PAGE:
Most Likely to Die 2015
Directed by: Anthony DiBlasi
Starring: Heather Morris, Jason Tobias, Tatum Miranda
Review by Luis Joaquín González
For me, the biggest mystery surrounding the slasher genre is how such a basic and straight forward formula has resulted in so few genuinely credible motion pictures. Of the 800 or so entries that have been produced, you can count the truly outstanding ones on your fingers. For movie watchers that aren’t slasherholics, there seems to be a thin middle ground and these flicks are either superb or trash-can worthy. It’s hard to pinpoint the exact reasons why the category hosts so few exquisite inclusions, but I think a big part of it is that filmmakers often try to expand on the traditional template when there’s really no need to.
Most Likely to Die is refreshing because it’s a big(ger) budgeted effort that proves that you can still make a sharp and thoroughly entertaining movie by sticking to the guidelines. Instead of flamboyant recalibration of the nuts and bolts, Anthony DiBlasi has decided to polish the old ones and paint them in chrome – and it works
A group of youngsters arrange a get-together at the remote mansion of one of their friends to celebrate the ten-year anniversary of their graduation. As they begin to arrive, they notice that Ray – the house owner and a professional hockey player – is mysteriously absent. Still, they begin to catch-up on their achievements and celebrate their reunion. Little do they know that a brutal masked killer is watching them and before long they’re fighting for their lives…
When I first learned that DiBlasi was making a slasher movie I was extremely keen to see the net result because he’s a director that I have a lot of respect for. His previous features have shown a unique flair for mixing horror with strongly developed characters and I wondered how he’d get on with the more basic trappings of a stalk and slash flick. If there were any lingering doubts about his potential as a competent up and comer, he washes them away with MLTD, by staying true to the category’s principles without betraying his own vision. The film offers a wealth of intriguing set-ups that allow its players to transcend the usual stereotypes and this is most-evident in the choice of final girl; – a professional poker player with a self-destructive lack of trust. At first I wrote a note that the friendships looked unconvincing, but as the film progresses, we are given more insight on the complex relationships that exist between the former classmates and why some of them may have the motive to kill. Whilst I wouldn’t say that the mystery is outstanding or that the conclusion was a shock (it is in fact fairly underwhelming), it does add an extra layer to the tension of the marauding killer.
DiBlasi is wise to pay tribute to the slashers of old without making it obvious that he’s doing so. The film can be described as a mix of Terror Train, Pranks and Slaughter High, but it doesn’t attempt to hide the fact that it’s been filmed in 2015. We get a host of gimmicks that we’ll recognise from the classics including the killer putting a red X over the yearbook pictures of his victims and a subtle sub-plot of a prank that backfired. In time-honoured tradition, the opening scene includes a chase sequence and a (surprisingly) bloodless slaughter, but we don’t get to witness the antagonist for quite a while after. The in-between parts are spent unraveling the personalities of the school friends and there’s some interesting tweaks that bring them to life. What I liked about MLTD is that it breaks away from the ‘one by one they wander off to die’ chestnut, because the entire group are made aware fairly early that there’s an uninvited guest on site. This means that the script needs to be more creative in the way it strands its victims and puts them at the peril of their pursuer.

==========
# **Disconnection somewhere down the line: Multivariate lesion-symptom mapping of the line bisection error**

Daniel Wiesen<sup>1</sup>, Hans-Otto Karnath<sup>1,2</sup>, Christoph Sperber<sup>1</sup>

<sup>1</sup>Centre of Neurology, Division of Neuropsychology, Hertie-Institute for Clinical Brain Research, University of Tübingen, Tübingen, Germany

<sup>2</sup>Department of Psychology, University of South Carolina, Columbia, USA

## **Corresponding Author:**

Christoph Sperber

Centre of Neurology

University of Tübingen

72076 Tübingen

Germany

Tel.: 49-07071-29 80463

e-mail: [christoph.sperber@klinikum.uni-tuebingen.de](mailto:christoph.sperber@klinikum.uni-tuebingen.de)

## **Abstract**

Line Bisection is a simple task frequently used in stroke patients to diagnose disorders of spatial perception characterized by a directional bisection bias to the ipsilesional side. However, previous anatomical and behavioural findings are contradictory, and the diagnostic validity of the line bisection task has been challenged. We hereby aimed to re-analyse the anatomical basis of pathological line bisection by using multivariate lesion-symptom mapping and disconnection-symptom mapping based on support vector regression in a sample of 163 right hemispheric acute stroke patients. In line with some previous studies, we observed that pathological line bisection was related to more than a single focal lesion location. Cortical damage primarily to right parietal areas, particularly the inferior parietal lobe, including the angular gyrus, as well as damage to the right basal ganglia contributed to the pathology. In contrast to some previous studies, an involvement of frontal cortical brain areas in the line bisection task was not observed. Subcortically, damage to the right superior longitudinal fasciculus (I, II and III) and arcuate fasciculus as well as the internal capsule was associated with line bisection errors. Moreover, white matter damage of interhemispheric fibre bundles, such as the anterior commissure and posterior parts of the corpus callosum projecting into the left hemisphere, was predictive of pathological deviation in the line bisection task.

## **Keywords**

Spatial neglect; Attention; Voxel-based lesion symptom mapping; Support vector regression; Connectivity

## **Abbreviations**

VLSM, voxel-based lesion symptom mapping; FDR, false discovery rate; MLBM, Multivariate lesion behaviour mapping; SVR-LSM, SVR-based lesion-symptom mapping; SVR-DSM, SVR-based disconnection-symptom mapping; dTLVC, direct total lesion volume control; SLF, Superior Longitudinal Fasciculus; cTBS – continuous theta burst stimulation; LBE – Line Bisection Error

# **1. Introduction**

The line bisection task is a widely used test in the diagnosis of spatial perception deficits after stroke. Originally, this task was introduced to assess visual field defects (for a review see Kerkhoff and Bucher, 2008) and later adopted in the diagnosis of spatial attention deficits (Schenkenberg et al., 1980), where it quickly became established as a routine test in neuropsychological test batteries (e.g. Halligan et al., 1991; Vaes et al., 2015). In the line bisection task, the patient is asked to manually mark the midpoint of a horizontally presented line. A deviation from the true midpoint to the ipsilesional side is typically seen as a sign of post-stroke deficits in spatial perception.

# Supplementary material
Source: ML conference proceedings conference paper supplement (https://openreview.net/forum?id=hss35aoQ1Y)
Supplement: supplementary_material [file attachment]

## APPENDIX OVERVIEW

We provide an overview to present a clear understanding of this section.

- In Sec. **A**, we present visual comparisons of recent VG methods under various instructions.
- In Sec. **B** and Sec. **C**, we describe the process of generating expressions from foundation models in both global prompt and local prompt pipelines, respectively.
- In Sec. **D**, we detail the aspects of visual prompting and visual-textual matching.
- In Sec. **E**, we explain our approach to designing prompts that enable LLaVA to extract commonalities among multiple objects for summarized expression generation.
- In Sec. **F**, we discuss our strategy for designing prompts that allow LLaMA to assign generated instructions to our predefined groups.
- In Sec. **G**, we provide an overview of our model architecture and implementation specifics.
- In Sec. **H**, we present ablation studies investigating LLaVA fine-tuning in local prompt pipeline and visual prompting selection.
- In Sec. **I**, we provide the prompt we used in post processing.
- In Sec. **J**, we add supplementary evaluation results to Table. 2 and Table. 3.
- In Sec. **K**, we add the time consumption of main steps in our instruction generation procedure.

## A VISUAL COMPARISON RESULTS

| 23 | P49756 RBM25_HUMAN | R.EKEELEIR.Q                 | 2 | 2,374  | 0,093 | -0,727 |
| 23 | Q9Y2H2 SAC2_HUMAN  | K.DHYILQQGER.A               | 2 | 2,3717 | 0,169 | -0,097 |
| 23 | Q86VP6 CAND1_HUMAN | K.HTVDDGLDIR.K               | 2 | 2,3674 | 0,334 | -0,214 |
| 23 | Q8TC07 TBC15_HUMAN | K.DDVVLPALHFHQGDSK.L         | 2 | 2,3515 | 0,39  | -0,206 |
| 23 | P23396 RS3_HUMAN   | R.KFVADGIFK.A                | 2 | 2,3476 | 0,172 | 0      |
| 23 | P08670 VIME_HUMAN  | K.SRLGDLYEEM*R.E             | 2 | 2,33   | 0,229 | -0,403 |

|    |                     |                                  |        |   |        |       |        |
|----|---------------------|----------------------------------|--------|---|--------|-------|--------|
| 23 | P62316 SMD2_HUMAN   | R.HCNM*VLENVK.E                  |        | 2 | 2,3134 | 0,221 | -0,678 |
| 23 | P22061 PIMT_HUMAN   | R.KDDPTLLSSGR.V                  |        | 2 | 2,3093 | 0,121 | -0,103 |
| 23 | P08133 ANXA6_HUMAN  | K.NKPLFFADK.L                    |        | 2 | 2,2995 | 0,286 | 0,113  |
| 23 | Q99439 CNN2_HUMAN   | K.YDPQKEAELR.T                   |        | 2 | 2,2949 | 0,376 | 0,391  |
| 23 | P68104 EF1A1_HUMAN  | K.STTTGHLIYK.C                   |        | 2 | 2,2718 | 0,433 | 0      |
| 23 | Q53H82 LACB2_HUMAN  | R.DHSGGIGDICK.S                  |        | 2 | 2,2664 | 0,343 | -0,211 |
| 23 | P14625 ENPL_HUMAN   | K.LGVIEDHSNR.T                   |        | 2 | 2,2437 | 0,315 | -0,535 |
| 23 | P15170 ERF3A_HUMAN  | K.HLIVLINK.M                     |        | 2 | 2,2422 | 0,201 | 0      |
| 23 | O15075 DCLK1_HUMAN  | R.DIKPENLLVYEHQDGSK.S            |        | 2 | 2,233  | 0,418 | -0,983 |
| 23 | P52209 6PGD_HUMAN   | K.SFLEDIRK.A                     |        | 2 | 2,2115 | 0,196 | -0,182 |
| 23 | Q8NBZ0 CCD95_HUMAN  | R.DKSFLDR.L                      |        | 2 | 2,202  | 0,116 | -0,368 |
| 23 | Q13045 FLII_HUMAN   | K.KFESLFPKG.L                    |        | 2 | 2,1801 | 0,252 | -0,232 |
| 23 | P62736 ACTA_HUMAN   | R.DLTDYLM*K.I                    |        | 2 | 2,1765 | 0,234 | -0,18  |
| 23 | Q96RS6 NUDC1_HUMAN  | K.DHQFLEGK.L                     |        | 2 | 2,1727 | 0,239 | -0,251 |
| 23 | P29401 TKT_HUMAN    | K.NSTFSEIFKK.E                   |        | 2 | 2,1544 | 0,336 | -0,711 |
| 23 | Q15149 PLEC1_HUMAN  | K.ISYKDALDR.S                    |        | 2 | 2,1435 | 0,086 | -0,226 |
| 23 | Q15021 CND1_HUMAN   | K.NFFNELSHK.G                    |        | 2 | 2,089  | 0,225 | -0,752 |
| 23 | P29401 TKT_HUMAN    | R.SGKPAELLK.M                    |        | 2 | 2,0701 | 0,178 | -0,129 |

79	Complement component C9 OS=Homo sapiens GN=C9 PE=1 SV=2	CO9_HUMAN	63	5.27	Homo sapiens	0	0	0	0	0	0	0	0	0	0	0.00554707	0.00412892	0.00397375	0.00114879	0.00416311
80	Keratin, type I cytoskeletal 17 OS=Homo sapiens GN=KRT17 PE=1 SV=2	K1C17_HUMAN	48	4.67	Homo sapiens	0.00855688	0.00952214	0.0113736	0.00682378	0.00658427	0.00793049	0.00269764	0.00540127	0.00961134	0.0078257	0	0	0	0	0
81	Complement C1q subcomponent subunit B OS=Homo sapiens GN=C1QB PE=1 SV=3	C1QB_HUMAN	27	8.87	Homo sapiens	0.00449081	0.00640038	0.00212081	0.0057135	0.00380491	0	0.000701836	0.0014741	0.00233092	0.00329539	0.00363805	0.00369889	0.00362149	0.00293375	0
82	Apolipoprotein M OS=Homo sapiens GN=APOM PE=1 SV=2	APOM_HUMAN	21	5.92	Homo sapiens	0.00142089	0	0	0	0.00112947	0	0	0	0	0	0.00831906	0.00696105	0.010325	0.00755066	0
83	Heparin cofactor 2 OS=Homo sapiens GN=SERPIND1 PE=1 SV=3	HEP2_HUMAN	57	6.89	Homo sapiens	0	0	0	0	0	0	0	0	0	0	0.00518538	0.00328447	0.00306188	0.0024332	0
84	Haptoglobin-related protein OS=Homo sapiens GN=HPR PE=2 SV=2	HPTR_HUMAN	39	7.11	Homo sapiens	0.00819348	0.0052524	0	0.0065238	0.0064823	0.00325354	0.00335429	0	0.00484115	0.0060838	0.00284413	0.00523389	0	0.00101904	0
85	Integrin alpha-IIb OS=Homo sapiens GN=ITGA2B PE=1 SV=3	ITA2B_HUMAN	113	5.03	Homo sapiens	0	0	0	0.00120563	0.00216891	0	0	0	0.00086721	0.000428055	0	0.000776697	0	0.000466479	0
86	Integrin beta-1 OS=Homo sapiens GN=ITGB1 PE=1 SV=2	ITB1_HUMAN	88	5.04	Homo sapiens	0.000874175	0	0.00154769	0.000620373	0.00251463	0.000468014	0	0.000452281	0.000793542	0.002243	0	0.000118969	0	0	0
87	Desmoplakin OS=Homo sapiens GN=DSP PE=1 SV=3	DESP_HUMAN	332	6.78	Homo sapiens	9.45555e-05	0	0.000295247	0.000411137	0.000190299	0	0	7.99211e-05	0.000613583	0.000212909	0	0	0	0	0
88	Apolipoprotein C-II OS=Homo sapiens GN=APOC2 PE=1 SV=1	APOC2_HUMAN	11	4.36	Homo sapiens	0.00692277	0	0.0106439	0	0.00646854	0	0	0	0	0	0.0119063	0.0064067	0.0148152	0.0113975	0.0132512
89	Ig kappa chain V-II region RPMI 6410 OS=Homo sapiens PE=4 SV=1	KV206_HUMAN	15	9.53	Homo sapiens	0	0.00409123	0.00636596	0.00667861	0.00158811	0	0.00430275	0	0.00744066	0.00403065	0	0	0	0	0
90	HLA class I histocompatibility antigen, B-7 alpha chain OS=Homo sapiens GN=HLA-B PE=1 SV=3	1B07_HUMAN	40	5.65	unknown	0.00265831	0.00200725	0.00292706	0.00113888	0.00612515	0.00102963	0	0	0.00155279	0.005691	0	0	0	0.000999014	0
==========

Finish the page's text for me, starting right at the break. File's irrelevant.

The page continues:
Our antagonist has a unique guise and he strikes with a ferocious brutality. There’s a really well set-up scene in an alleyway that provides suspense as the maniacal menace closes in on a trapped victim, smashing lightbulbs along the way, like we saw in both My Bloody Valentine and Terror Train. It would be an extreme exaggeration to call this a gore film, but there are some gruesome moments and an audacious kill with a hockey stick that’ll satisfy blood hounds. DiBlasi directs with confidence and draws pitch-perfect performances from an inexperienced cast. His choice of lighting for the second half of the picture is perfect and he delivers a vibrant combination of audio that hits more often than misses. Using the English National anthem for a kill scene was a masterstroke that I’m surprised didn’t come with an explanation of kind.
The lengthy attempts at dramatising the key players may be off-putting to those looking for a fast-paced slasher flick. It could also be said that the killings aren’t graphic enough for hardcore hounds, but you’d have to be hyper-critical to truly find much more fault with Most Likely To Die. Here we have a movie from a production team that made the right decisions: don’t waste budget on non-essential ingredients when all you really need is competent actors, a cool killer guise, some blood and a director with the ambition to succeed. Sometimes doing the basics to the best of your ability outshines an overload of creativity. This may not be a genre-defining movie, but it’s a worthy inclusion that should be a lesson to filmmakers looking to continue the legacy.